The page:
By the end of this century, 100-year floods could hit New York City every 10 years, Long Island lobsters could disappear and New York apples could be hard to come by if nothing is done to reduce greenhouse gas emissions, according to a report released yesterday by a group of scientists and economists.
“The Northeast can anticipate substantial — and often unwelcome or dangerous — changes during the rest of this century,” concluded the report by the Union of Concerned Scientists, which examined the impact of global warming on the region. “The very character of the Northeast is at stake.”
The report, which covers nine states, is the product of a two-year collaboration between the Union of Concerned Scientists, an advocacy group, and a team of several dozen independent scientists and economists.
Speaking at a news conference at the New York Botanical Garden, one of the authors of the report, James L. McCarthy, professor of biological oceanography at Harvard University and president-elect of the American Association for the Advancement of Science, said there could be droughts every summer in the Catskill Mountains, which supply drinking water for 9 million New Yorkers. At the same time, there could be heavy downpours that could turn the city’s water more turbid and cause flooding.
With higher temperatures, smog would increase and air quality in the region would decline, significantly worsening conditions for people with asthma, and the amount of pollen produced would soar, making life miserable for people with allergies.
In a similar report released last year, the Union of Concerned Scientists laid out the regional climate changes that global warming could bring. Average temperatures could rise by more than 10 degrees Fahrenheit in both winter and summer by the end of the century, and New York City might have to swelter through 25 days a year with temperatures over 100 degrees.
In the report released yesterday, the group focused on the possible impact of those changes.
Earlier springs, longer summers and less snowy winters are already being felt in part because of heat-trapping gases that were released over the last 50 years. The region will have to adapt to those changes, the scientists said. But things could become far worse, and much more costly, they said, unless steps are taken now to mitigate the impact.
Two alternative futures are laid out in the study, which was reviewed by other scientists before being released. One projects what the future would look like if steps were taken to lower emissions; the other looks at what would happen if emissions continued to grow.
Without reductions in emissions, sea levels could rise, inundating coastal areas on southern Long Island and pushing water into parts of Lower Manhattan, flooding the financial district and swamping the subways, making them inoperable. Atlantic City could be flooded every other year by late century.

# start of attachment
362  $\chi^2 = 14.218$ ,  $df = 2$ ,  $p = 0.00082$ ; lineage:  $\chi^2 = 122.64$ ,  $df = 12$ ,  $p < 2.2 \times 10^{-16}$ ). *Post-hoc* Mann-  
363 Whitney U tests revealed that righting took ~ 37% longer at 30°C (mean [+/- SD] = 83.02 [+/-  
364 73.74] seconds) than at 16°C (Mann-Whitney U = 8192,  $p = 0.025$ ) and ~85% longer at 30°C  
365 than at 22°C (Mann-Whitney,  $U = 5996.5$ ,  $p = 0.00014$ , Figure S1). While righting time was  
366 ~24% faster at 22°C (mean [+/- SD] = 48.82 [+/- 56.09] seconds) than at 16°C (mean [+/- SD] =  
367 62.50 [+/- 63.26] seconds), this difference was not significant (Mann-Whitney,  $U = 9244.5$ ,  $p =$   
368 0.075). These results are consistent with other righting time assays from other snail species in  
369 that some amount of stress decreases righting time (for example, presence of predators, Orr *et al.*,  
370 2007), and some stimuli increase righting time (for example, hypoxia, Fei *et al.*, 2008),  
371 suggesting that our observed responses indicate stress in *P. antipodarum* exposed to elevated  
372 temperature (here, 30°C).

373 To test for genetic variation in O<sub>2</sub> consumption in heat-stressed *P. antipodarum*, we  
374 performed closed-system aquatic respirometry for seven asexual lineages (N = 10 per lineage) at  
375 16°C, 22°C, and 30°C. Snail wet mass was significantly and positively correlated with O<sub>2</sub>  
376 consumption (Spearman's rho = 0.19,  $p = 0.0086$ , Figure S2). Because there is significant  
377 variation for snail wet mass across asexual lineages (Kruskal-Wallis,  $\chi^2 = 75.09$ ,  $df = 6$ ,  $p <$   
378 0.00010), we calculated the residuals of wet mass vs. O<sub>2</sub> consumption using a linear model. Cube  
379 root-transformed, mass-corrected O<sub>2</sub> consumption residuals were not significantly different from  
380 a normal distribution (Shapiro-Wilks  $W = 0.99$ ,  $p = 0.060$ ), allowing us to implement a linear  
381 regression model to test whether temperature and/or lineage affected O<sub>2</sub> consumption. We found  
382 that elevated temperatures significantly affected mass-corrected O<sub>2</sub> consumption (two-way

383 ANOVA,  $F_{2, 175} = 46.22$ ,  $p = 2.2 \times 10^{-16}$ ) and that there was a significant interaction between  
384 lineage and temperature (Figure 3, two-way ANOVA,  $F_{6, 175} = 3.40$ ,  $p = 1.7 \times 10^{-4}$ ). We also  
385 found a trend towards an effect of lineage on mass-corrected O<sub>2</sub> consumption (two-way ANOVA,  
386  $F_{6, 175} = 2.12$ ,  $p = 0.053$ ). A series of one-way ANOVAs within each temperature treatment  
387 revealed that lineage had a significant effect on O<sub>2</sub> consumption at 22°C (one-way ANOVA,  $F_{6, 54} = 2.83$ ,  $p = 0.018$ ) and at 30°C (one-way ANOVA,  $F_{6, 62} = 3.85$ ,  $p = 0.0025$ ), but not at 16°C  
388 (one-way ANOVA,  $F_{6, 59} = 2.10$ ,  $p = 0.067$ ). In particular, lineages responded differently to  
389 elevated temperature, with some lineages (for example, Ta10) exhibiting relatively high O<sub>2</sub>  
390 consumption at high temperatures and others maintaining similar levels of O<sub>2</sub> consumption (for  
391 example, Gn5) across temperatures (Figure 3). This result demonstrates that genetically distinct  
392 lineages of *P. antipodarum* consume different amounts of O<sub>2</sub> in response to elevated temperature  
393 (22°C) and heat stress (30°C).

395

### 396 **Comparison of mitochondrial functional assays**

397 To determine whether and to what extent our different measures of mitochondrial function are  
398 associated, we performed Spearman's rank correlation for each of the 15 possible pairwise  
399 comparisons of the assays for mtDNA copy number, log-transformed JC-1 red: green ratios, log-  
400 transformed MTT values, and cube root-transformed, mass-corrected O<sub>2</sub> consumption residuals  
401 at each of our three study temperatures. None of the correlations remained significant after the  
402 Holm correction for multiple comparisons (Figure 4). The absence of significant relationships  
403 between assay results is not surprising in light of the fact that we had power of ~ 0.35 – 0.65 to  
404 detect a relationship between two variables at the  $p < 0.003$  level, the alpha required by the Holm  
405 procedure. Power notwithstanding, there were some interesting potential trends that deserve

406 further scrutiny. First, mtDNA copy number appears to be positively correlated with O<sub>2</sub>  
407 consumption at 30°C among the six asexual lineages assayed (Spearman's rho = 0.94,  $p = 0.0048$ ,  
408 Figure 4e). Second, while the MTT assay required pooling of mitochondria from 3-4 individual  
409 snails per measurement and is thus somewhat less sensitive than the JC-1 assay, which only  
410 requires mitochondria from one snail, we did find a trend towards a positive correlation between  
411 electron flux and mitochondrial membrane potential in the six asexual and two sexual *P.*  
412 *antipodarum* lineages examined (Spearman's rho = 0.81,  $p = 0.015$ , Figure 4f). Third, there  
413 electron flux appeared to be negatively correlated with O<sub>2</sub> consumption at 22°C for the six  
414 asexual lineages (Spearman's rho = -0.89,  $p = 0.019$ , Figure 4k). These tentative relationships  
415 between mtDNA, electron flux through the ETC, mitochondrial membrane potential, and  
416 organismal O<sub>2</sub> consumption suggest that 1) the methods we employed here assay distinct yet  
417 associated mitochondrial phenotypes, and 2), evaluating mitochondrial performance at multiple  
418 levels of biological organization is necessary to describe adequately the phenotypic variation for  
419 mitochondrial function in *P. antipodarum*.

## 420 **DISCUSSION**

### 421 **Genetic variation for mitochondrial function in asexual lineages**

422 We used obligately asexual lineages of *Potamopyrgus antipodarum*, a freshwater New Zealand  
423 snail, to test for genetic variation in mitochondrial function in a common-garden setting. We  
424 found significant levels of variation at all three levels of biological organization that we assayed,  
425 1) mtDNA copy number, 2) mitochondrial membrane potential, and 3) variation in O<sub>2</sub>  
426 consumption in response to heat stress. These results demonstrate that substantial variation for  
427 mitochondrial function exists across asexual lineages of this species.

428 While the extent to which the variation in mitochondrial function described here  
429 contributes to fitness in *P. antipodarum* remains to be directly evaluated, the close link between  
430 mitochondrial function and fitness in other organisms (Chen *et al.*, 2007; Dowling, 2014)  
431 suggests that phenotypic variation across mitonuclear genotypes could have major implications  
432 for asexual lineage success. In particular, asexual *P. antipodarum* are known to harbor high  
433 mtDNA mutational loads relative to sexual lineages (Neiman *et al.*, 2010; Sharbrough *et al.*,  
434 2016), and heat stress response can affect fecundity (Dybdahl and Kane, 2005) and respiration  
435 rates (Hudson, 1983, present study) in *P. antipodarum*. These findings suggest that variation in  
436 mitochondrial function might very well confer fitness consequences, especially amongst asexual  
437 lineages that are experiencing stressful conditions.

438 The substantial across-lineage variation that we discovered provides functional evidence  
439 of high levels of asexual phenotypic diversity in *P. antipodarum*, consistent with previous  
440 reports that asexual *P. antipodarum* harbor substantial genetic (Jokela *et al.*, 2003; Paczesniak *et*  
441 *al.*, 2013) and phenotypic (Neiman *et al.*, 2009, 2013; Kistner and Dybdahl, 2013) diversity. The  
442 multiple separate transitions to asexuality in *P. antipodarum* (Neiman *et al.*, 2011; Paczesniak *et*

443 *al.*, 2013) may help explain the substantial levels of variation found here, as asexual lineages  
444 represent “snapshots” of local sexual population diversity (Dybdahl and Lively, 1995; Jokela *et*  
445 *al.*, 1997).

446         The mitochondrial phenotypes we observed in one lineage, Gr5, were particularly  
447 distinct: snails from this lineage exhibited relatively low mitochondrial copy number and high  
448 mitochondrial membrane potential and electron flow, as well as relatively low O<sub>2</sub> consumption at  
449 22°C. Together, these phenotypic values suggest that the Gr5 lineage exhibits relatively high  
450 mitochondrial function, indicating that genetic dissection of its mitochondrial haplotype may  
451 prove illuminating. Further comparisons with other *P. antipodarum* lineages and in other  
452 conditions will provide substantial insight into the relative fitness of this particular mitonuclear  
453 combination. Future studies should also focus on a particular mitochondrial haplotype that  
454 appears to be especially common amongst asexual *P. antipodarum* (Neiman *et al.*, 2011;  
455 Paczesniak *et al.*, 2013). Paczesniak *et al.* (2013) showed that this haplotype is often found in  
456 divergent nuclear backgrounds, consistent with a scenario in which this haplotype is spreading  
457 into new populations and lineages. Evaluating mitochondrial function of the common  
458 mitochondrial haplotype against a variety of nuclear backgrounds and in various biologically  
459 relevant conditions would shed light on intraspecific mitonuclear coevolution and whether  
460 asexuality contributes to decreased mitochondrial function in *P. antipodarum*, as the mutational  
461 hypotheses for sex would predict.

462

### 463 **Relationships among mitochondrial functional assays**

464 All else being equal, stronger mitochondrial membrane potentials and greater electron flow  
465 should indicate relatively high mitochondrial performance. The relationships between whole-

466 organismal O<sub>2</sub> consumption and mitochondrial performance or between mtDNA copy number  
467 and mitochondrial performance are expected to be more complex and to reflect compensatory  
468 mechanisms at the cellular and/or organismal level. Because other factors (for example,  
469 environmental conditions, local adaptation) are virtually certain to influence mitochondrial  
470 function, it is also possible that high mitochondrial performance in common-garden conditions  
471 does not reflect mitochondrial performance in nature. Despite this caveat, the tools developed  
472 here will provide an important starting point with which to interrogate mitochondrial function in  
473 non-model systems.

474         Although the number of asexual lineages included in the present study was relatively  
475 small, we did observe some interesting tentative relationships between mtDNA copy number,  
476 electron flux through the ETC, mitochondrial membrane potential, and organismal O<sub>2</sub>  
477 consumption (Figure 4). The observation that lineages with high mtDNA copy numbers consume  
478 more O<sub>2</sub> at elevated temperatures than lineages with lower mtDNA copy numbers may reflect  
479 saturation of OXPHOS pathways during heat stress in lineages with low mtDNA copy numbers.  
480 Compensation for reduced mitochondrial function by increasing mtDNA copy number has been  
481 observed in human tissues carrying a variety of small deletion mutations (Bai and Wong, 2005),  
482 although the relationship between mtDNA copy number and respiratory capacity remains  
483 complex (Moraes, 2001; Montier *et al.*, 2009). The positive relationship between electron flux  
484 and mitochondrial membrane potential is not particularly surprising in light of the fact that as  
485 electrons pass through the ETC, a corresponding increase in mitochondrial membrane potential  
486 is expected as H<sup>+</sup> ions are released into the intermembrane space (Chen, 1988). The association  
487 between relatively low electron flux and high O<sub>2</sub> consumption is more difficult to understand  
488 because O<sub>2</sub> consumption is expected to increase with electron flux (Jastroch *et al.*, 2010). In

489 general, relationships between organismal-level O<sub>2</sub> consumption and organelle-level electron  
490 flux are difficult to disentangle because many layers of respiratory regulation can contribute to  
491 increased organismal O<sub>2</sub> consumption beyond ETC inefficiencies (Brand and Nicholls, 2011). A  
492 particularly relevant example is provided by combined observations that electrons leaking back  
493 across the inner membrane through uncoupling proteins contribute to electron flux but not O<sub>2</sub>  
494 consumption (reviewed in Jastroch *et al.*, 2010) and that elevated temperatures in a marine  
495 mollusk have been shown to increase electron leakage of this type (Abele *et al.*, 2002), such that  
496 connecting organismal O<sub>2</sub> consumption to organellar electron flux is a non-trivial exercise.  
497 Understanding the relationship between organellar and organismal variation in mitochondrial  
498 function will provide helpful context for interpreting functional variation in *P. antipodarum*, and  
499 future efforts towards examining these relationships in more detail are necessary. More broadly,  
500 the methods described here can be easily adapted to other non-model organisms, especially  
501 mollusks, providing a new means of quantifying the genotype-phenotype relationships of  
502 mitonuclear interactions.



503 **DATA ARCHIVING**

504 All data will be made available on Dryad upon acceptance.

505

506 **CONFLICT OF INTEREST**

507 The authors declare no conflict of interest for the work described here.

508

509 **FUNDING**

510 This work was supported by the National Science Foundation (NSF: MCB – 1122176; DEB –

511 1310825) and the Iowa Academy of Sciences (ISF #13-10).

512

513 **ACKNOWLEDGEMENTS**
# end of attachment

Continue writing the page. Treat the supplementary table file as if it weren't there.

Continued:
The impact on New York State’s $3.5 billion-a-year agricultural industry could be devastating, said David W. Wolfe, a professor of plant ecology in the Department of Horticulture at Cornell University and one of the scientists who contributed to the report.
While higher temperatures might at first be welcomed because they would extend the growing season, they would bring new plant and insect pests like the corn earworm that could ravage crops.
Unless emissions are reduced, the scientists warned, Long Island lobsters would disappear or move to cooler waters up north. Without a hard frost to set buds, New York apple trees would not produce as much fruit as before. Under stress from invasive species, maple, beech and birch trees could disappear from certain regions of the state, including the Adirondacks.
And since it would often be hotter than dairy cows like, milk production could decline by 15 percent or more in late summer months.
Professor McCarthy said those future effects could be eased substantially by efforts just now being put into place to curb emissions.
Those efforts include the Regional Greenhouse Gas Initiative, in which all the northeastern states agreed to reduce power plant emissions and establish a carbon trading program. And New Jersey’s global warming law, which Gov. Jon S. Corzine signed last Friday, commits the state to reducing all greenhouse gas emissions in the state by 80 percent by midcentury.
A separate news conference was held in Trenton yesterday, focusing on global warming’s potential impact on New Jersey.
Mr. Corzine said that state and local efforts to reduce greenhouse gases are important, but controlling global warming requires a commitment on the national level, something the current administration has been reluctant to pursue.
“In absence of leadership on the federal level, the fight to reduce greenhouse gases has now fallen upon the states,” Mr. Corzine said. The governor also called on individuals to do their share with simple acts like driving less and using mass transit.
The report did not include an analysis of the potential cost to business and consumers of the efforts of reducing greenhouse gas emissions. But Rohit T. Aggarwala, New York City’s director of long-term planning and stability, said at the New York news conference that cutting carbon emissions would not necessarily have a negative cost.
Mr. Aggarwala said that steps New York had already taken would improve the quality of life in the city and make New York more competitive. He said those efforts ranged from the relatively simple, like promoting the use of compact fluorescent light bulbs, to long-range strategic initiatives like congestion pricing.
The full report on climate change in the Northeast is available at the Union of Concerned Scientists’ Web site, www.ucsusa.org.
Fausto Intilla's web site: www.oloscience.com